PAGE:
In honour of NZ Music Month, Gary Steel climbs into the crumbling catacombs of his back catalogue, and disinters a different story Every Day In May (EDIM). Today’s piece comes from a pre-Flying Nun South Island: my review of a seemingly completely forgotten album by a seemingly forgotten band called The Newz, published in the Evening Post, 19 July, 1980. I’ve still got this album. It’s alright.
Note: If anyone can shed any light on this band, I’d be glad to hear it. Hey, they were probably abominable, and I’m probably wrong. But I did haul this vinyl out of the collection not so long ago, gave it a good spin, and it sounded okay. Maybe I have a reasonable tolerance for pub-rock ‘new wave’ bands. Bizarre that is was released on the cheapo Music World label! How did that happen?
IT SEEMS POINTLESS to bitch about regionalism in local music when it’s for the good of the whole to avoid factions, but South Island talent loses out every time.
And here at last is a group with enough pluck to combat Wellington and Auckland predominance.
The Newz have recorded their debut album in hometown Christchurch in an eight-track studio. Theirs is the first such album to be recorded in the South Island, and there is no distinct loss of fidelity over other New Zealand recordings.
The Newz (formerly Bon Marche and Bon Who?) debut comes complete with a set of snappy tunes dressed in new wave fashion, most displaying a satirical bent.
They are essentially an old-fashioned New Zealand pop-rock band, but their new-wave gestures present a group simply keeping up with their peers.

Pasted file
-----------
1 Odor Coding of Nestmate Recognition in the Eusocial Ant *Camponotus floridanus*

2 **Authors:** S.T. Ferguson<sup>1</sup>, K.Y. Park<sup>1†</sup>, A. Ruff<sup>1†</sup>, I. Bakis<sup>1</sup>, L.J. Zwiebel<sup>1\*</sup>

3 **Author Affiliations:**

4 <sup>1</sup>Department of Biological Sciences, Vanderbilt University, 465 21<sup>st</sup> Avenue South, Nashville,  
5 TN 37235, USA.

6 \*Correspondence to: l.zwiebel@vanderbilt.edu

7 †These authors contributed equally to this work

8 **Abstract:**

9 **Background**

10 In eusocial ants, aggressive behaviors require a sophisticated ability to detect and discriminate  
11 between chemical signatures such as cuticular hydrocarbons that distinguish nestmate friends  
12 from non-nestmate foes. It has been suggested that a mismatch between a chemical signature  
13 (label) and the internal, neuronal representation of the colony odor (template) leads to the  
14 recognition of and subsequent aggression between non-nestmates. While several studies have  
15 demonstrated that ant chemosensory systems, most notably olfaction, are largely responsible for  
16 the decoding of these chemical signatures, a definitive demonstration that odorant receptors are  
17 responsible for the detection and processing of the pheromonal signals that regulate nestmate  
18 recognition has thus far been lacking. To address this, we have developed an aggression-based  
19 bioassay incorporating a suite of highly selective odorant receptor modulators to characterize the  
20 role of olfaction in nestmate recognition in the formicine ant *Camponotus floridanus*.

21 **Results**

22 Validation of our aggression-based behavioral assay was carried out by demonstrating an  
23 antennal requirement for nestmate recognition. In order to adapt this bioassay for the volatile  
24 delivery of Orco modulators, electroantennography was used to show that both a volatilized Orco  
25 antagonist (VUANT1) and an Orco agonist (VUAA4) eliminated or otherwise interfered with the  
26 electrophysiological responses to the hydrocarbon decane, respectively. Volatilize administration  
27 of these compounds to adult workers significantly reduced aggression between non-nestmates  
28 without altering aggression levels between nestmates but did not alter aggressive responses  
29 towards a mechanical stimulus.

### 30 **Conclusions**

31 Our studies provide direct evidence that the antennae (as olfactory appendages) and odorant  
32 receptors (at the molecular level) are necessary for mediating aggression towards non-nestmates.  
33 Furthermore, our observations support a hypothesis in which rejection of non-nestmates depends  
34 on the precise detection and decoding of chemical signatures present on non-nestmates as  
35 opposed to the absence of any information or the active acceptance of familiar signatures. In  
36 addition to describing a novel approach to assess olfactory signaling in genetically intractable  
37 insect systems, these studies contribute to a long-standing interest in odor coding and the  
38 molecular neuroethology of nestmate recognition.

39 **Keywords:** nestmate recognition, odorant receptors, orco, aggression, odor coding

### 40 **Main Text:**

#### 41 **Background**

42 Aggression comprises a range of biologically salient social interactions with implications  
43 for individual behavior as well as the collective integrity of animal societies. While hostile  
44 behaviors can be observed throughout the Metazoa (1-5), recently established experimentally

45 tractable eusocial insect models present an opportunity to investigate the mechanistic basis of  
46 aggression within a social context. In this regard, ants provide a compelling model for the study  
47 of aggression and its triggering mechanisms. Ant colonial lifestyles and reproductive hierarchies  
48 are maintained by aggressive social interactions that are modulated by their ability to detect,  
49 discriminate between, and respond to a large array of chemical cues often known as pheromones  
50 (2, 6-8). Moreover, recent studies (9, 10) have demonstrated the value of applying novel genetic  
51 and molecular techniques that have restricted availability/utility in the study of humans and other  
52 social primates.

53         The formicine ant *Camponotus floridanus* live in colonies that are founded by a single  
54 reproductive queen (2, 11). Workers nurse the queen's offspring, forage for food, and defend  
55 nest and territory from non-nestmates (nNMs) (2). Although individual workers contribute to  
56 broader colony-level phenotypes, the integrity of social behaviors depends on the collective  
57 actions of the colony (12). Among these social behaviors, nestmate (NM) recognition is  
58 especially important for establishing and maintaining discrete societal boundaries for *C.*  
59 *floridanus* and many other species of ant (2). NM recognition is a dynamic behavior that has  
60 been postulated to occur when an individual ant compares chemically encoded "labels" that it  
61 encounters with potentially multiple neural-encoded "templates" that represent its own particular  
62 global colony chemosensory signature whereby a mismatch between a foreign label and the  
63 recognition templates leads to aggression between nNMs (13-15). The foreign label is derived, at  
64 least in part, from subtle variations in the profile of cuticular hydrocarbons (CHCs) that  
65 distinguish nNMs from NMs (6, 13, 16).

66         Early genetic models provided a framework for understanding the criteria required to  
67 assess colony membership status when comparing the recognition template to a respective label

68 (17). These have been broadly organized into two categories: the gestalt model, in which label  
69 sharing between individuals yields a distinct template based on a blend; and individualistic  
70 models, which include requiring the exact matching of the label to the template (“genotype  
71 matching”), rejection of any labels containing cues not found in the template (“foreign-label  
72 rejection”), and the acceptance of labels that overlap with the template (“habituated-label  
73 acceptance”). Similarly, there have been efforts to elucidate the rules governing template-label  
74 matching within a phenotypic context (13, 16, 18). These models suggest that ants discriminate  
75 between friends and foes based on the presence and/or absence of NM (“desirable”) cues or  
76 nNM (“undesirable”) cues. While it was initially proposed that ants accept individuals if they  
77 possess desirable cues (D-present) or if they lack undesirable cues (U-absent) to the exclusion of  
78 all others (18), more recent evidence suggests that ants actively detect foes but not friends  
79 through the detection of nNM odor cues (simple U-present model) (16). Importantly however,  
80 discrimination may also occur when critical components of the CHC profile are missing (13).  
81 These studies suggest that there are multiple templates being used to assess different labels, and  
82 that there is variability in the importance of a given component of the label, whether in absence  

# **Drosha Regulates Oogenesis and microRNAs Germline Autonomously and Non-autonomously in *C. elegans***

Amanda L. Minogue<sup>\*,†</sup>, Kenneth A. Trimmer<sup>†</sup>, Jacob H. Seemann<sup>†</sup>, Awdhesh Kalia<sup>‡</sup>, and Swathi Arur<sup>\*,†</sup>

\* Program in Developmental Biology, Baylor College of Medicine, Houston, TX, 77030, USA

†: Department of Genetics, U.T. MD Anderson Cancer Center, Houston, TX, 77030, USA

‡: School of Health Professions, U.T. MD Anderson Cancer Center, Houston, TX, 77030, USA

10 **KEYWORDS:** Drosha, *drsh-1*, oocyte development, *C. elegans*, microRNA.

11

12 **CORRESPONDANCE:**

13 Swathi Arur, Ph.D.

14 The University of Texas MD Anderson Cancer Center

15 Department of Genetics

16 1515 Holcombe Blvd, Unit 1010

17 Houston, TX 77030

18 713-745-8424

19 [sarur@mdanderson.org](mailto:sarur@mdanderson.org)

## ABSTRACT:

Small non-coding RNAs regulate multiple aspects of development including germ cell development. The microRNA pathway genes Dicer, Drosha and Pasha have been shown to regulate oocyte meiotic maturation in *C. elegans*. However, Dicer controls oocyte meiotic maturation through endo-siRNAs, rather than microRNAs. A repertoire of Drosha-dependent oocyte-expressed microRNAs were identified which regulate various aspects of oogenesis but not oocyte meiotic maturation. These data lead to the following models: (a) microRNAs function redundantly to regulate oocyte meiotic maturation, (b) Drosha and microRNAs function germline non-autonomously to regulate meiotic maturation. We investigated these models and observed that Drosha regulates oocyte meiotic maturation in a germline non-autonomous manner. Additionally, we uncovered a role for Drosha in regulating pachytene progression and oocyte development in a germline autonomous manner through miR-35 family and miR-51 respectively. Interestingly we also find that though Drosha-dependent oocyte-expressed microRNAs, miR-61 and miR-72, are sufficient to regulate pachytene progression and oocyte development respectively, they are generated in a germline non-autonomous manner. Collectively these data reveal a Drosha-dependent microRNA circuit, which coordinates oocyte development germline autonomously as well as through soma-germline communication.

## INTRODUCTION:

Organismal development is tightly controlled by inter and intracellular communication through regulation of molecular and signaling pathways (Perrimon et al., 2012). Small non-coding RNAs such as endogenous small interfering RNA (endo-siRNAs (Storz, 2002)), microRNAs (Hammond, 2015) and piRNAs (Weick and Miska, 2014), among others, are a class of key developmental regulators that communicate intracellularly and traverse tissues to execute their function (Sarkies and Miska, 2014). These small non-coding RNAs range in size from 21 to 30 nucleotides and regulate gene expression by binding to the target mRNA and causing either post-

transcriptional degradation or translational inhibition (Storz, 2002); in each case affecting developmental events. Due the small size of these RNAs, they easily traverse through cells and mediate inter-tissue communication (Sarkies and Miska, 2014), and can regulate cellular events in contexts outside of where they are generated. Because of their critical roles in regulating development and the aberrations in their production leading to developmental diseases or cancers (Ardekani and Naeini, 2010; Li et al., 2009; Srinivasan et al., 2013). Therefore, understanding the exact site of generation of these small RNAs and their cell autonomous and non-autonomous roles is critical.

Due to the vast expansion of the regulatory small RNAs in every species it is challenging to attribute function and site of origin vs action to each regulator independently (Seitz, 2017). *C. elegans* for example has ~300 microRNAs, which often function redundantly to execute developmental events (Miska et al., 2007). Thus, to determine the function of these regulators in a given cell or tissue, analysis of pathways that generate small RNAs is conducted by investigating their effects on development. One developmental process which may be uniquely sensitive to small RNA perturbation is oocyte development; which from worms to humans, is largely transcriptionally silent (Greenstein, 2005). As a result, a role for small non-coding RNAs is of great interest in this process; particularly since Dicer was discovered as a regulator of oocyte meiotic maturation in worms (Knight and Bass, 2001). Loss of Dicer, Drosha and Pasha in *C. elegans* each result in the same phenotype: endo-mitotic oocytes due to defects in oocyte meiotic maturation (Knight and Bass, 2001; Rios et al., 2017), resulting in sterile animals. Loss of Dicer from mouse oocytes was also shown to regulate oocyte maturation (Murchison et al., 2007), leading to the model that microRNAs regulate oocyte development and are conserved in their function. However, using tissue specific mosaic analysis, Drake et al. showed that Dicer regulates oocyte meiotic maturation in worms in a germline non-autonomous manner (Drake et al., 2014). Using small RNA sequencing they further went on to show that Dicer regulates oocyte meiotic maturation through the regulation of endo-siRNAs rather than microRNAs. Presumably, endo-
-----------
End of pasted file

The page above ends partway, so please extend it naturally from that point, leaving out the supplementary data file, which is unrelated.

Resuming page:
‘Heard The News’ (Music World) is a solid, dependable debut. It’s full of catchy tunes, the opening ‘Europe’ typifiying the new wave pop offerings to be found on the album. The single, ‘Accident Prone’, unfortunately comes across too much like a lightweight Talking Heads. But the rest is the best.
The most definite satirical numbers are the most enjoyable, with ‘I (Still) Want To Be An Arab’ the standout – really a harmless bit of fluff, but great party music.
‘Stuttgart Turnabout’ is the most upbeat, nasty rocking number and a fitting finish, though it’s still blessed with a catchy chorus. I’m sure all of us bohemians can identify with ‘Sunday’, a moan about lack of things to do on that most sacred of days.
The best track, though, is also the most serious, ‘Hole In My Heart’. Derivative vocally of Police, this melancholy ditty boasts an affecting chorus but an unfortunately messy performance.
Special mention must go to Simon Darke, who on record, minus zany stage charisma, comes across as an exceptional vocalist, husky-voiced but adaptable. GARY STEEL